Chapter 4 traces how the Commission inadvertently provided support for the development of assimilation theory, which further undermined the rigid biological conception of race. With funding from the Commission, anthropologist Franz Boas collected data on head shapes – supposedly the most stable indicator of “racial type” – of the children of European immigrants in New York City. The data showed that bodily traits could change rapidly under environmental influences. Boas used the finding to criticize the rigid racial assumptions underlying the contemporary caricature of “new immigrants,” and envisioned the possibility of their eventual assimilation. This chapter shows that even before the political mobilization around ethnicity emerged in the 1930s and 1940, the Commission’s findings inadvertently paved a way for the criticism of scientific racism, thereby further discrediting the WASP-centered perspective on the relationship between race and national identity.
Chapter 5 turns attention away from the interior structure of national belonging to its margins, and shows how the bright boundary between whites and non-whites was rigidly maintained in the face of the contradictions endemic to the Commission’s project. The Commission’s study of Japanese immigrants on the West Coast revealed that they were in many respects more “desirable” than European immigrants: The Japanese were educated, hard-working, law-abiding, family-oriented farmers who were willing to speak English and follow American customs. In order to address the decoupling of desirability and whiteness, the Commission had to argue that although the Japanese were not necessarily inferior to whites, they were too different to assimilate, and therefore should be prevented from natrualization. It was at this moment the full circle of different kinds of difference was completed: Europeans were a potentially assimilable kind of different people, whereas Japanese immigrants, and non-whites in general, were a non-assimilable kind.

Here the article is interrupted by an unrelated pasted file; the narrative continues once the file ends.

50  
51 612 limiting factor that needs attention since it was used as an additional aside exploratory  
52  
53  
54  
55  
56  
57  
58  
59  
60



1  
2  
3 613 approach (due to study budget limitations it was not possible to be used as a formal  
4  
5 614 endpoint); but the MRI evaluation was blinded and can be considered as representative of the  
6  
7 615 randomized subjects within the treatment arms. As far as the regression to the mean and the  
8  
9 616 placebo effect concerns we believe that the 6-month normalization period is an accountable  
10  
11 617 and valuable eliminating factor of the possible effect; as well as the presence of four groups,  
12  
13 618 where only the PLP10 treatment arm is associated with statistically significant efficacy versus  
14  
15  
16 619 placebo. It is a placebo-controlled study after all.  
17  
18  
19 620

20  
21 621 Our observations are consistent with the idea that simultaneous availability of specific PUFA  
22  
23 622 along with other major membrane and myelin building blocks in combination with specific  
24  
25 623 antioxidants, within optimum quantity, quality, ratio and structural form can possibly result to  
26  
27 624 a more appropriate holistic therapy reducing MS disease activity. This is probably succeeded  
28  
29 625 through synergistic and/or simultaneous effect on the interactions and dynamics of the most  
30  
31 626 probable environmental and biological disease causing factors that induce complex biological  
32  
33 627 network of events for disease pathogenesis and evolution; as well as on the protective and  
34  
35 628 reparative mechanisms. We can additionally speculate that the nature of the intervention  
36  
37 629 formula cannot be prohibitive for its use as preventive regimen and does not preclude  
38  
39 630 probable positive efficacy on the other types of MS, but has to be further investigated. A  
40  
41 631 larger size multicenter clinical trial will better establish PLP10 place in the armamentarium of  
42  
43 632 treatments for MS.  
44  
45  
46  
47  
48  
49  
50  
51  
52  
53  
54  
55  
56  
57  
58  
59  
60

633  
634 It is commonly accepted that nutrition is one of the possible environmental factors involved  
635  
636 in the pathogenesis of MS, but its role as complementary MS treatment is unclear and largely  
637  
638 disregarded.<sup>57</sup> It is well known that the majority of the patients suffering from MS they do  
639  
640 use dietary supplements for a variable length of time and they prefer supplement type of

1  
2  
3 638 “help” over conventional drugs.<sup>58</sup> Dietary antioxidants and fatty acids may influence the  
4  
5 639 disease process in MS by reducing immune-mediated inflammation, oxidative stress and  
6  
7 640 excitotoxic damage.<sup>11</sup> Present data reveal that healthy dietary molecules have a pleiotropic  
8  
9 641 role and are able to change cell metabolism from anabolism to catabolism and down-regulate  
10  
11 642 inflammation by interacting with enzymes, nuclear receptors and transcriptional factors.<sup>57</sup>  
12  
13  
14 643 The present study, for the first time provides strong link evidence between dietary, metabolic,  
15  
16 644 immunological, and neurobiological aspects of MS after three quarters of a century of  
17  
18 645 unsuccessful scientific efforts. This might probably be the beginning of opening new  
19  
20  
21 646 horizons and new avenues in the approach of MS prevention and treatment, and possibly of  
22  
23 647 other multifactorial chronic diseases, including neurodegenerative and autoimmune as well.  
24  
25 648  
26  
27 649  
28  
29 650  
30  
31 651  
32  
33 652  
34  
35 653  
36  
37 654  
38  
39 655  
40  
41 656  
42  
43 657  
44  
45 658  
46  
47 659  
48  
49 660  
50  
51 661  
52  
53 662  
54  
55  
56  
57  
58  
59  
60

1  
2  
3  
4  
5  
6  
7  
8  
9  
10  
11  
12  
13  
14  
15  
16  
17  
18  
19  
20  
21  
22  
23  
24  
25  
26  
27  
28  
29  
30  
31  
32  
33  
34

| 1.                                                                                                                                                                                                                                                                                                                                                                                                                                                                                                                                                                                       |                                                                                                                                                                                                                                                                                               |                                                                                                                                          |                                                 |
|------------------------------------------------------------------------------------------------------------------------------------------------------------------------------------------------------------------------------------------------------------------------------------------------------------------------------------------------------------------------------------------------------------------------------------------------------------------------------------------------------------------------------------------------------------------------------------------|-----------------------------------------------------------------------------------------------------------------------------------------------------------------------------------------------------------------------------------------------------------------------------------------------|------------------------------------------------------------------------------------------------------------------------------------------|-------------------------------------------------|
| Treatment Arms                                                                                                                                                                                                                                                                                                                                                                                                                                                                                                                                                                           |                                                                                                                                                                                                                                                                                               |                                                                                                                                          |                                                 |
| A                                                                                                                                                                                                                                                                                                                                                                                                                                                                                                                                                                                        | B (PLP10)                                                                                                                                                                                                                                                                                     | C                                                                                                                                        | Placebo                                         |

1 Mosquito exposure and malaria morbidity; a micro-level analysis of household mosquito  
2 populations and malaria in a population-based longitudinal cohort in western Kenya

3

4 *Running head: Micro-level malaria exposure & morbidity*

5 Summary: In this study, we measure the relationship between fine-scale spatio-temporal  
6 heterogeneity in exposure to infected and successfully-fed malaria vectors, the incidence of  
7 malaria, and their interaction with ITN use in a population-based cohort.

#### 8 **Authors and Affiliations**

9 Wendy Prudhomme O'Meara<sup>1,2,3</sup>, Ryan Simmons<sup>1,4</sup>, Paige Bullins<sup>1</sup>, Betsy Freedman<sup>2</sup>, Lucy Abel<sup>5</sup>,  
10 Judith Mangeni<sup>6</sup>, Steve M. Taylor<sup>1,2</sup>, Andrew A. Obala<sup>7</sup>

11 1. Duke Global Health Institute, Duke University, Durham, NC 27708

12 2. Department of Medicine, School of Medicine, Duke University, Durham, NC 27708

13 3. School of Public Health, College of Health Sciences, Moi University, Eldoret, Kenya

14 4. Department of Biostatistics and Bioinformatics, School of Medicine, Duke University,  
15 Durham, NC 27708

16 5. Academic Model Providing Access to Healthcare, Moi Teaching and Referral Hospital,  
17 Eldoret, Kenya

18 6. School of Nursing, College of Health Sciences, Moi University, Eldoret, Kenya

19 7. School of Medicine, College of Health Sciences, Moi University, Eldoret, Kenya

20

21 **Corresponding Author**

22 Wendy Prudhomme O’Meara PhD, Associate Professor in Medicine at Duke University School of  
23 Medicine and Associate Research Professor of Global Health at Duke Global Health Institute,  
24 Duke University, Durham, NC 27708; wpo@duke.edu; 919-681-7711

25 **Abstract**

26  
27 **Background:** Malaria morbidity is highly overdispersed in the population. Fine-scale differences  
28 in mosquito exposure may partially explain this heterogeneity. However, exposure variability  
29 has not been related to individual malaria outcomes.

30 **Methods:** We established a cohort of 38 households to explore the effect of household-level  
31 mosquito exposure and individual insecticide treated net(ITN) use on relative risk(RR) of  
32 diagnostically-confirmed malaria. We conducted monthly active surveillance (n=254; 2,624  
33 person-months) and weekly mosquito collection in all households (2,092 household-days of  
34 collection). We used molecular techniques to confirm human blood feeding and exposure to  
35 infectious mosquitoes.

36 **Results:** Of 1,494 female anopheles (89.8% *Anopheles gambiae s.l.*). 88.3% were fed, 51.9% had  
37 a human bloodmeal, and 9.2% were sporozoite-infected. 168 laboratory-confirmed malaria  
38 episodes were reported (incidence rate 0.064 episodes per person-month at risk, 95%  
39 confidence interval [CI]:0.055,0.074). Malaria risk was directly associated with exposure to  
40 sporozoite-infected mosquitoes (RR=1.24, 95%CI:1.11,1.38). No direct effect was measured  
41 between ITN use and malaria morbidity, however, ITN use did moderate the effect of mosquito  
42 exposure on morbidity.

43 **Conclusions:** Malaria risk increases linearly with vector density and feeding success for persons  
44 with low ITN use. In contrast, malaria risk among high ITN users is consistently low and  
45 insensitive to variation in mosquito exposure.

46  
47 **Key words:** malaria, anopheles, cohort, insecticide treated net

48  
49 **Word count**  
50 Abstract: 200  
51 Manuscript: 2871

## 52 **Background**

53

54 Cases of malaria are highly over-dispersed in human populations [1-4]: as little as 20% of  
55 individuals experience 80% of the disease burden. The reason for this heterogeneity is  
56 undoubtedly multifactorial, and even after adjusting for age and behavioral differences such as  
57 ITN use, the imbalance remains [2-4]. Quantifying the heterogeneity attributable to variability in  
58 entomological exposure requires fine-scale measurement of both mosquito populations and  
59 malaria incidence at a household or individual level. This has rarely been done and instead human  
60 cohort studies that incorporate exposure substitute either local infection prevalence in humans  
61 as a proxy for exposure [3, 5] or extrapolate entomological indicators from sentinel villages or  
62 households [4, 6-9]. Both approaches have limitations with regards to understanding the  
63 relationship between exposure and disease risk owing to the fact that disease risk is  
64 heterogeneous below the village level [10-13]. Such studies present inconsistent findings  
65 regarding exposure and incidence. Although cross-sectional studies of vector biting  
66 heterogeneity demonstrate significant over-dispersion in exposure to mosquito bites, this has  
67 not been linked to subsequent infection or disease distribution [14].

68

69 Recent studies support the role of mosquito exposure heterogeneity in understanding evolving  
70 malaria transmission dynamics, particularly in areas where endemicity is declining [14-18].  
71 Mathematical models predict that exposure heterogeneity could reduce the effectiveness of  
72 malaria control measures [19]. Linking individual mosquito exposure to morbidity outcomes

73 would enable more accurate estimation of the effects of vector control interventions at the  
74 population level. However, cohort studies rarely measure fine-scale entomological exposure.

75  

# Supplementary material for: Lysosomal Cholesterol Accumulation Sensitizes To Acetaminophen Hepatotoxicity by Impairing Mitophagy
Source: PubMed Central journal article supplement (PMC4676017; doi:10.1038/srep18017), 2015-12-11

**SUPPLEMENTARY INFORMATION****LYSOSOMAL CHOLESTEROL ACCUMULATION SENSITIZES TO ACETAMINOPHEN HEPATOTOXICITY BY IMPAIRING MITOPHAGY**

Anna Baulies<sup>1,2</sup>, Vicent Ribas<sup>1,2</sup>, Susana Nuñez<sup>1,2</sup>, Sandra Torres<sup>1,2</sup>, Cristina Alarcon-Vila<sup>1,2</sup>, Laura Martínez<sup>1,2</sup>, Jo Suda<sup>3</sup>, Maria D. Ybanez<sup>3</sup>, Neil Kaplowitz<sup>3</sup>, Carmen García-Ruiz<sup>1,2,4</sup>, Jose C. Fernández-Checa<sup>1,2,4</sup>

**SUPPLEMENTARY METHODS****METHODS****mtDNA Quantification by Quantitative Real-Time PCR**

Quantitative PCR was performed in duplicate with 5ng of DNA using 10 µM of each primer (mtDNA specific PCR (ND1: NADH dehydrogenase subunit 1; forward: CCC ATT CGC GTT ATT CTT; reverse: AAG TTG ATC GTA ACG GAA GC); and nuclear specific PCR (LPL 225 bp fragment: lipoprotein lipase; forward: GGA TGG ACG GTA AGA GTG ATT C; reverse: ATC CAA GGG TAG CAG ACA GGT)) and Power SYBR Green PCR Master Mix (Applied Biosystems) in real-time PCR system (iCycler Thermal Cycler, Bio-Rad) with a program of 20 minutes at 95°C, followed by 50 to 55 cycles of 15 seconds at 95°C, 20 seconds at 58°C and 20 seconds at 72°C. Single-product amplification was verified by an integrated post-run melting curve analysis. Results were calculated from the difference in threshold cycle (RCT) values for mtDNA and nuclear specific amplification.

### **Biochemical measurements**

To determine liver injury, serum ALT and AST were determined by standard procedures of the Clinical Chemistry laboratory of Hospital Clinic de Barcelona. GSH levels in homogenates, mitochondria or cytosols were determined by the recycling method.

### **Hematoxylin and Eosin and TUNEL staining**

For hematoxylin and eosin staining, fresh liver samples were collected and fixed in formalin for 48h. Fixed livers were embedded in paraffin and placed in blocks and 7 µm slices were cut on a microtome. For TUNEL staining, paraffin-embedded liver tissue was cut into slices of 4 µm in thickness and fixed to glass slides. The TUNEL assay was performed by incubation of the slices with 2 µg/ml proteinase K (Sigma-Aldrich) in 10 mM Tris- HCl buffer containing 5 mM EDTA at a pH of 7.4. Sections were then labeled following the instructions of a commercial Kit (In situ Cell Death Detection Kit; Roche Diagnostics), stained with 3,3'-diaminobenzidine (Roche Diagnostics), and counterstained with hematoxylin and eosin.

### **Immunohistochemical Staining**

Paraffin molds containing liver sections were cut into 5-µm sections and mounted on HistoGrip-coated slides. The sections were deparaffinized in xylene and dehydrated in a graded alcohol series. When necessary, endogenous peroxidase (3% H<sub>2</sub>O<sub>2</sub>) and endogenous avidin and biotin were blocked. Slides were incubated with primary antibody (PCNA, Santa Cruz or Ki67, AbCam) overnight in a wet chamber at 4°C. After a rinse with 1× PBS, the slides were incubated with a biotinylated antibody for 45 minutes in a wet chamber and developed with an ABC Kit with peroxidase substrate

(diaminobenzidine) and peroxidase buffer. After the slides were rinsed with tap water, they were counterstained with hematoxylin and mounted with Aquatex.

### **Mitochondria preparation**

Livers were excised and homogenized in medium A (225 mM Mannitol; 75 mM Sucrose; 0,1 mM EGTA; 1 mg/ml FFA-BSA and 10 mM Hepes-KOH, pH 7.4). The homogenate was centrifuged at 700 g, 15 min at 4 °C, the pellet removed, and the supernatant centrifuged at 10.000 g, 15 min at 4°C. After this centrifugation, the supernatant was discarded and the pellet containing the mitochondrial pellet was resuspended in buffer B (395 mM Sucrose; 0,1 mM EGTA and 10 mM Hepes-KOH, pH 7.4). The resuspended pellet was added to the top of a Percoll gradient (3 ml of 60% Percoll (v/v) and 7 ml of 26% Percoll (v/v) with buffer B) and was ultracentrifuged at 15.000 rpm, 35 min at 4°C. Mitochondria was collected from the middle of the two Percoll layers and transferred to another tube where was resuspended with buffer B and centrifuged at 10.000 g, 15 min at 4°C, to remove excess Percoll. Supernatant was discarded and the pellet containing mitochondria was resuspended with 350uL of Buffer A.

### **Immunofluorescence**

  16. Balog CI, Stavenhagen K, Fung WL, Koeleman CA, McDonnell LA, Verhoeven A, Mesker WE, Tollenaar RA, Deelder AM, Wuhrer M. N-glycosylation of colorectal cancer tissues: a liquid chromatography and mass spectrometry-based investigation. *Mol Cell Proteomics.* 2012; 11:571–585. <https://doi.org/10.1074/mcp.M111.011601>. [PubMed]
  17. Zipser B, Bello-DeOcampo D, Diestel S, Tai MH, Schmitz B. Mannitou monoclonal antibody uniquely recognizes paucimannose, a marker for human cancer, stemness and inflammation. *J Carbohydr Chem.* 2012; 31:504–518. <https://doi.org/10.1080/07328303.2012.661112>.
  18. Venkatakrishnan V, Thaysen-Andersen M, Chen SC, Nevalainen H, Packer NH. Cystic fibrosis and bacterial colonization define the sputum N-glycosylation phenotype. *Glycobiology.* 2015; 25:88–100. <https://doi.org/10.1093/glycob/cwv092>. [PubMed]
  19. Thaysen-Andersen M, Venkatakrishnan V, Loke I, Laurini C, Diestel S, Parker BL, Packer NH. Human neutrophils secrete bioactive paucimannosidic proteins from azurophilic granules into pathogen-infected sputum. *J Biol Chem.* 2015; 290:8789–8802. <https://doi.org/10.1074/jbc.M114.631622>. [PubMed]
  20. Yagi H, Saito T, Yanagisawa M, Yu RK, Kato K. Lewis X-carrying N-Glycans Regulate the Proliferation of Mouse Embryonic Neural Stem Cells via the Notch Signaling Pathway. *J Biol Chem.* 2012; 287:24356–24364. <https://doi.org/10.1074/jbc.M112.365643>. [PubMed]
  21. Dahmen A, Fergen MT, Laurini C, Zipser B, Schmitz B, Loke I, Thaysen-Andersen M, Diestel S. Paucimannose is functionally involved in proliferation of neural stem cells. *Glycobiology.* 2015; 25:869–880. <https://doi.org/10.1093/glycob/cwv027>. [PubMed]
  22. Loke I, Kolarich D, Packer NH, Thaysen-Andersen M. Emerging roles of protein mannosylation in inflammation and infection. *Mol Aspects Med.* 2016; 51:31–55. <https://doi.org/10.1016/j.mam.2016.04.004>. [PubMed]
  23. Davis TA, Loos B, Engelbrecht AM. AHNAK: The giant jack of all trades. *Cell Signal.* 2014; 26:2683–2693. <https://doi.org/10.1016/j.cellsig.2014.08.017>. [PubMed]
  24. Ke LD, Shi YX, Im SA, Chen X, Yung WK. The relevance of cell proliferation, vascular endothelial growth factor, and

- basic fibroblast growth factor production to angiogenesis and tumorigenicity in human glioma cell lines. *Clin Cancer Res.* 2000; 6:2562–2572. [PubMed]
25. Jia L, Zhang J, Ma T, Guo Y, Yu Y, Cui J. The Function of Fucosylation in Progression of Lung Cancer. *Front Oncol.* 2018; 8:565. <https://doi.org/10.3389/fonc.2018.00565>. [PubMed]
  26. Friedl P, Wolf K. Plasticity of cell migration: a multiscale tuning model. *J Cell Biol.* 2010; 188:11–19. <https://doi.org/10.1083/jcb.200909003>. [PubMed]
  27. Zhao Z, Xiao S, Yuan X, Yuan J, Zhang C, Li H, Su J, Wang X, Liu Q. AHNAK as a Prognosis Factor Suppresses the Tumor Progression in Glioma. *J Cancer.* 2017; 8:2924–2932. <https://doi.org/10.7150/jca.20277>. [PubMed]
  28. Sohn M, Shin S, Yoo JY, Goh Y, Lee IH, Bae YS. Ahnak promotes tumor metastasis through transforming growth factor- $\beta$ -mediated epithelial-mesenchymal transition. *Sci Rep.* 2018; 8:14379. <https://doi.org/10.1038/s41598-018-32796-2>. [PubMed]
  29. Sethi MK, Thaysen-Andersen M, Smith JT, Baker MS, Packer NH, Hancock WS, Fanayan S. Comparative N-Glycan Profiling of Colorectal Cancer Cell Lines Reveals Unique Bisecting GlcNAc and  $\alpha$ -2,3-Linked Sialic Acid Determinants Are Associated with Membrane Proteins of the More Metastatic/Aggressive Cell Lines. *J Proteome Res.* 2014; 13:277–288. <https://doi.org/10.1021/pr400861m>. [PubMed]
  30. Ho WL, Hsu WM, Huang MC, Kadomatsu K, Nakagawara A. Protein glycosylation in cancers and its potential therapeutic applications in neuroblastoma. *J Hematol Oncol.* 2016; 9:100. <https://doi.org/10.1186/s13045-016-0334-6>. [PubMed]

In the conclusion, I discuss how the concept of different kinds of difference inspired law and immigration policy in the decades following the Dillingham Commission. The closing pages feature my reflections on why the Dillingham Commission matters and what it means for the study of immigration and American national identity in the twenty-first century.